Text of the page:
Dr. Gordon Crews interviews with IGI Global to discuss latest research surrounding school shootings.

Research Shows There Are Four Types of School Shooters

By IGI Global on May 24, 2018
On February 14, 2018, 17 students and staff members were killed at Marjory Stoneman Douglas High School in Florida, USA. An additional 17 people were injured by the same shooter that day.

While most people would agree that incidents like this are horrifying, most are no longer surprised by them, which showcases that this has become a national problem. Dr. Gordon A. Crews, Chair and Professor of Criminal Justice from the University of Texas at Rio Grande Valley and an IGI Global editor and contributing author to the best-selling publication, Critical Examinations of School Violence and Disturbance in K-12 Education, is trailblazing the way to understanding the root of the violence that has been continually occurring in schools across the nation.

Through his quest for answers, he interviewed and surveyed 36 incarcerated individuals who committed an act of violence at an American K-12 school over the past 32 year and found that 95% of them were male, over 50% were white, 47% were between the ages of 15 and 17, and 57% of the offenders were not taking medication for mental health issues (the study was conducted in 2012-2013).

These facts go against the norm for what is being reported most commonly in the news. You often hear violent acts committed by someone of a different race, or someone with mental health issues. Dr. Crews’s findings open the discussion surrounding his book to include often-overlooked characteristics.

Additionally, Dr. Crews was able to identify and classify four types of school violence perpetrators including:

  • Traditional – current students
  • Gang-related – involved in the gang lifestyle
  • Associated – older people who targeted schools with which they had past involvement
  • Non-associated – no current or prior affiliation to school.

42 out of the 78 participants ( the original study size) were considered traditional school shooters, making them the largest group. In all cases except 5, some type of gun was used. The other five perpetrators used a baseball bat, knife, vehicle, propane tank, or a machete.

Unfortunately, a significant number of the interviewed participants felt a sense of relief that they would be more appreciated or respected, indicating that they felt little to no remorse or shame for their violent acts. Many also reported that their main concern after the incident was that they did not achieve their goals.

One such individual, who attacked 11 kindergarteners, 2 teachers, and the principal of an elementary school with a machete, felt no regret at all:

“I am 67, 55 when I got my wee bit o’ revenge… I was prepared for my act in that I stopped twice in [redacted location] and [redacted location] to sharpen my machete on my way to that school. I also hope to be remembered in [redacted location] county forever! No mental illness here – just bored and one of the angriest persons on earth!!”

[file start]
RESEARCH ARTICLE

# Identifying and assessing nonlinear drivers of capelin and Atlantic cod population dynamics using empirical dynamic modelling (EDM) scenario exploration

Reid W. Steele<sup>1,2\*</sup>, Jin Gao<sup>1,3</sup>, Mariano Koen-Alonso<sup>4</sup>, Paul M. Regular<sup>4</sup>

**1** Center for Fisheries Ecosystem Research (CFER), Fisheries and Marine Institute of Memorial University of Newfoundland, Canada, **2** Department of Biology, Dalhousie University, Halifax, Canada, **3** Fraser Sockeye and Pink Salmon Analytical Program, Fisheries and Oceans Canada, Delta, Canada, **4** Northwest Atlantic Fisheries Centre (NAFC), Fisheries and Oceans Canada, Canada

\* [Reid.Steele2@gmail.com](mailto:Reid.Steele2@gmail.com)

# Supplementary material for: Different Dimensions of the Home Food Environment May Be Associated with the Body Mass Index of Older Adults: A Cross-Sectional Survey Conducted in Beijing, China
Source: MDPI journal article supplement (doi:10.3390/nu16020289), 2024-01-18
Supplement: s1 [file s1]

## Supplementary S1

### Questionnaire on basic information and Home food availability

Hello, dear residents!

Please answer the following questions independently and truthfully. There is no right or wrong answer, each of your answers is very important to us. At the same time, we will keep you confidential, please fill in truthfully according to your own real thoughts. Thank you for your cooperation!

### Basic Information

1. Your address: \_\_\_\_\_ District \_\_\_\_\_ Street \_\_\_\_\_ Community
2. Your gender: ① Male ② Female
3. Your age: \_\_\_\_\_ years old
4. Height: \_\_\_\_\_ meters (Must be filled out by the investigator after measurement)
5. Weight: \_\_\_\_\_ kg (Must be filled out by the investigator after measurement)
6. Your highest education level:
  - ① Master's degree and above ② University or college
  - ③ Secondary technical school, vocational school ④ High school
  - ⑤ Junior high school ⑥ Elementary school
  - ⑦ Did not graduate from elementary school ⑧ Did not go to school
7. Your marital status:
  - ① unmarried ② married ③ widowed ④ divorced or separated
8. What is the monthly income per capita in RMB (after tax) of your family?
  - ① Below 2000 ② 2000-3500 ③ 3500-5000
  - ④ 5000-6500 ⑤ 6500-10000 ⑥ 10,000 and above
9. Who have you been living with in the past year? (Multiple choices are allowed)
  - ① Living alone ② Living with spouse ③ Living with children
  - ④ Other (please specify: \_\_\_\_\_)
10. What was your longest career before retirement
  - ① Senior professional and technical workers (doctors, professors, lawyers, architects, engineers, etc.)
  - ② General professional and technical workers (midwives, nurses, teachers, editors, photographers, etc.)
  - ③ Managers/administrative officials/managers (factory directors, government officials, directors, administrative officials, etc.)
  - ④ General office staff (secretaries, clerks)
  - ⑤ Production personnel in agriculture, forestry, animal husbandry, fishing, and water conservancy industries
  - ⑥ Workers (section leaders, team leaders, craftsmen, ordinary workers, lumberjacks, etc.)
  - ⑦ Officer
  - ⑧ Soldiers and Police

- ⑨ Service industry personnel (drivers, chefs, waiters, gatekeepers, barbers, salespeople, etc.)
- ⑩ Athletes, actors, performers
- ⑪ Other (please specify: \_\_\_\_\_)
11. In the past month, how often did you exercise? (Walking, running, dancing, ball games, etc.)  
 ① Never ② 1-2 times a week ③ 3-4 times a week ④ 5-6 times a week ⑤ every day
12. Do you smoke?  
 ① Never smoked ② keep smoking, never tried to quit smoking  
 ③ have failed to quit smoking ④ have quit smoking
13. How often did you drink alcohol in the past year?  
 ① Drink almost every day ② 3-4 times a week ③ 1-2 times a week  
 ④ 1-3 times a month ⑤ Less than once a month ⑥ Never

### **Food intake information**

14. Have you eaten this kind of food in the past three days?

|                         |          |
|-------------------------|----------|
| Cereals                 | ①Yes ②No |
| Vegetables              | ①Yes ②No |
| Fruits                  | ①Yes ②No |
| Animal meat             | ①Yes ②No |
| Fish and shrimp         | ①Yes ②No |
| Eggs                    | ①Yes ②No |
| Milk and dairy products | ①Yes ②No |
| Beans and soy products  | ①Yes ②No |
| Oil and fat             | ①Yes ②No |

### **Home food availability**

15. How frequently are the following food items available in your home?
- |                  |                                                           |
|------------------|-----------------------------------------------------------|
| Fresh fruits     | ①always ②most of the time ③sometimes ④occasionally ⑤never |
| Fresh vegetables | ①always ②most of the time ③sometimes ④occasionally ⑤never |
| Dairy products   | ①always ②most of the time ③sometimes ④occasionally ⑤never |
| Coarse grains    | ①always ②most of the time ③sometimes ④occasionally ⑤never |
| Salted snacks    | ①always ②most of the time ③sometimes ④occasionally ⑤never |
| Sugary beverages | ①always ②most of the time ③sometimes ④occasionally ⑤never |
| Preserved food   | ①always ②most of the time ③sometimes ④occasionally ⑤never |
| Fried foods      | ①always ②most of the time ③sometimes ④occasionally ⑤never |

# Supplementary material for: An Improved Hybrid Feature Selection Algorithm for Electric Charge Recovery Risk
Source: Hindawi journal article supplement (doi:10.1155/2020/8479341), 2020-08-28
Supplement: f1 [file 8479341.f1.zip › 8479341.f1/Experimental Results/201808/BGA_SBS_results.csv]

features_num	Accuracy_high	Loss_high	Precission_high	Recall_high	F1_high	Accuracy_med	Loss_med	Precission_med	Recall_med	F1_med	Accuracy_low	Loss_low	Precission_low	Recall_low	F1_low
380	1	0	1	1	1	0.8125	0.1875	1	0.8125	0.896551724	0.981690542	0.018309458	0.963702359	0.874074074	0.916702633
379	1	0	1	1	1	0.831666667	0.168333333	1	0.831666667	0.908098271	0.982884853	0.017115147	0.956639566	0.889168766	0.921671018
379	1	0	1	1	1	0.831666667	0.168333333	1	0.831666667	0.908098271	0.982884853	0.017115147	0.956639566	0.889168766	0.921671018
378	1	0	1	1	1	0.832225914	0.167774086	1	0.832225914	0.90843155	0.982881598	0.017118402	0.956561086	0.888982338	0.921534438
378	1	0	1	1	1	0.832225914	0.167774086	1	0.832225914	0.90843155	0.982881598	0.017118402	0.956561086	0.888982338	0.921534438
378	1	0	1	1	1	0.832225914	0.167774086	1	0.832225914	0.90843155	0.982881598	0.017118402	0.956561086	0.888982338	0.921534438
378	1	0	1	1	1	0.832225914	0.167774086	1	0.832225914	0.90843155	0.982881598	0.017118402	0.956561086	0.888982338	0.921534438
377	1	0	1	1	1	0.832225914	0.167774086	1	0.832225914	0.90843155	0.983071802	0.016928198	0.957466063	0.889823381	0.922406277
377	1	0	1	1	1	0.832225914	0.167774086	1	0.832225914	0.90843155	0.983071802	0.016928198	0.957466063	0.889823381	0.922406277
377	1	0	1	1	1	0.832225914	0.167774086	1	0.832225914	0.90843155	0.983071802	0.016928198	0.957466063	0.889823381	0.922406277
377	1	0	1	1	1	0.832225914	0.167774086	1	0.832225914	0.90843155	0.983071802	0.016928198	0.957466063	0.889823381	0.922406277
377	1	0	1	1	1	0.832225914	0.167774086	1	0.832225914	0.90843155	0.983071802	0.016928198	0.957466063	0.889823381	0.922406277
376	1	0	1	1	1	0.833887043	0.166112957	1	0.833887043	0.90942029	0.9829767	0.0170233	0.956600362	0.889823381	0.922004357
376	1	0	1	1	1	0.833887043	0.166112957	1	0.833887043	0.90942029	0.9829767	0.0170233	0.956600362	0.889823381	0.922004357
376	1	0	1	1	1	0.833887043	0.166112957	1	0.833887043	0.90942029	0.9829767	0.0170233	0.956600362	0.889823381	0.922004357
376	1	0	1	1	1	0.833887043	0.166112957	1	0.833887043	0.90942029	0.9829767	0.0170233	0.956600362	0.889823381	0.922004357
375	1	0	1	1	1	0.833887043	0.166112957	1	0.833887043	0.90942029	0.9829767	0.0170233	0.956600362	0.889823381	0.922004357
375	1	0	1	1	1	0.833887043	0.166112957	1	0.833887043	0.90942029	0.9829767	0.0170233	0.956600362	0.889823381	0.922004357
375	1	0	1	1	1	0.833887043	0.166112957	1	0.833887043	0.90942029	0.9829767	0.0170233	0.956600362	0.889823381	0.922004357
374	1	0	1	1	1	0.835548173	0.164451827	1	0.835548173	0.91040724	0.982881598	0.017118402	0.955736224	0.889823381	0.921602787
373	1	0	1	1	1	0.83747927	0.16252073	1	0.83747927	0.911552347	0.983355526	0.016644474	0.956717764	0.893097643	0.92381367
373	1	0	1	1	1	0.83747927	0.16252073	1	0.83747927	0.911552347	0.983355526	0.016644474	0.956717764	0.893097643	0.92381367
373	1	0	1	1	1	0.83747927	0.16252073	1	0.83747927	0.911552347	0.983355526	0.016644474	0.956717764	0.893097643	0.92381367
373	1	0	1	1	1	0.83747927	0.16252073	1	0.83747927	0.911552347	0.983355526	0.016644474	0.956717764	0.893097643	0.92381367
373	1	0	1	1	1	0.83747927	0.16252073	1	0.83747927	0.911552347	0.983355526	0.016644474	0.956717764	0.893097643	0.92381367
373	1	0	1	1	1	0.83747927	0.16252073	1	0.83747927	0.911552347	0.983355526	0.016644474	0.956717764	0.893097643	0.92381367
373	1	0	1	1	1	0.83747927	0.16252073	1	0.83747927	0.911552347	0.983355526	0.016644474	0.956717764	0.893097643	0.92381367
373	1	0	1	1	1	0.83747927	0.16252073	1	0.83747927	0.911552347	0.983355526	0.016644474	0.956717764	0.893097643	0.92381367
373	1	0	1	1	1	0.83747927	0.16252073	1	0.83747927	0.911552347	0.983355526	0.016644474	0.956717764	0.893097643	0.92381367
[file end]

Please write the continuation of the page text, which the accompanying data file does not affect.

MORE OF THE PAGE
But what does all of this mean? What is the common underlying factor between these perpetrators of school violence?

There are two aspects that affect every offender: all 78 of the study sample suffered either physical, sexual, or mental abuse, and all 78 had easy access to a weapon. Only two people used a weapon that was not a gun. And some might argue that therein lies the problem.

Since 2012, when a gunman killed 20 first-graders and six adults at Sandy Hook Elementary School, there have been at least 239 school shootings nationwide, as of February 15 of this year. People are arguing that it's harder to get a driver's license than buy a gun, and they're starting to protest.

On March 24, 2018, the students that survived the shooting at Marjory Stoneman Douglas High School Florida, USA organized a march in Washington, D.C., with over 800 sibling events across the nation, to protest current gun control legislation, something that affected all of them on February 14, 2018.

One could argue that this is a group of students doing what they can to help reduce this type of violence while others argue that demonstrations like these are helping nothing.

Dr. Crews simply hopes that his work can “contribute to future attempts to deal positively, fairly, and effectively with school violence in American K–12 schools.”

Read Dr. Crews’s publication, Critical Examinations of School Violence and Disturbance in K-12 Education and see the statistics for yourself; make your own decision and opinion. Many consider this 15-chapter book a must-read for parents, teachers, school administrators, law enforcement, government agencies, and students themselves when researching what it takes to keep children in school safe.

For more information on this topic, please view the publications and recommend them to your library:

All of the indexed publications listed above are available on IGI Global’s InfoSci©-Books database, a collection of more than 4,000+ books spanning 11 core subjects. This database contains edited and authored reference books, Handbooks of Research, major reference works, Case Studies and more that have been indexed by prestigious indices (i.e. Web of Science, Scopus, ERIC, and PsycINFO) and contributed by world-renowned scholars, making it an ideal resource for academic and research users.

Recently, IGI Global unveiled new pricing for this database.For a one-time perpetual purchase for 2018 © (505 e-books), new customers can purchase this database for as low as: US$ 16,500 (average cost per book: US$ 33). Be sure to recommend this database to your institution or for librarians, purchase this database directly from IGI Global’s Online Bookstore.
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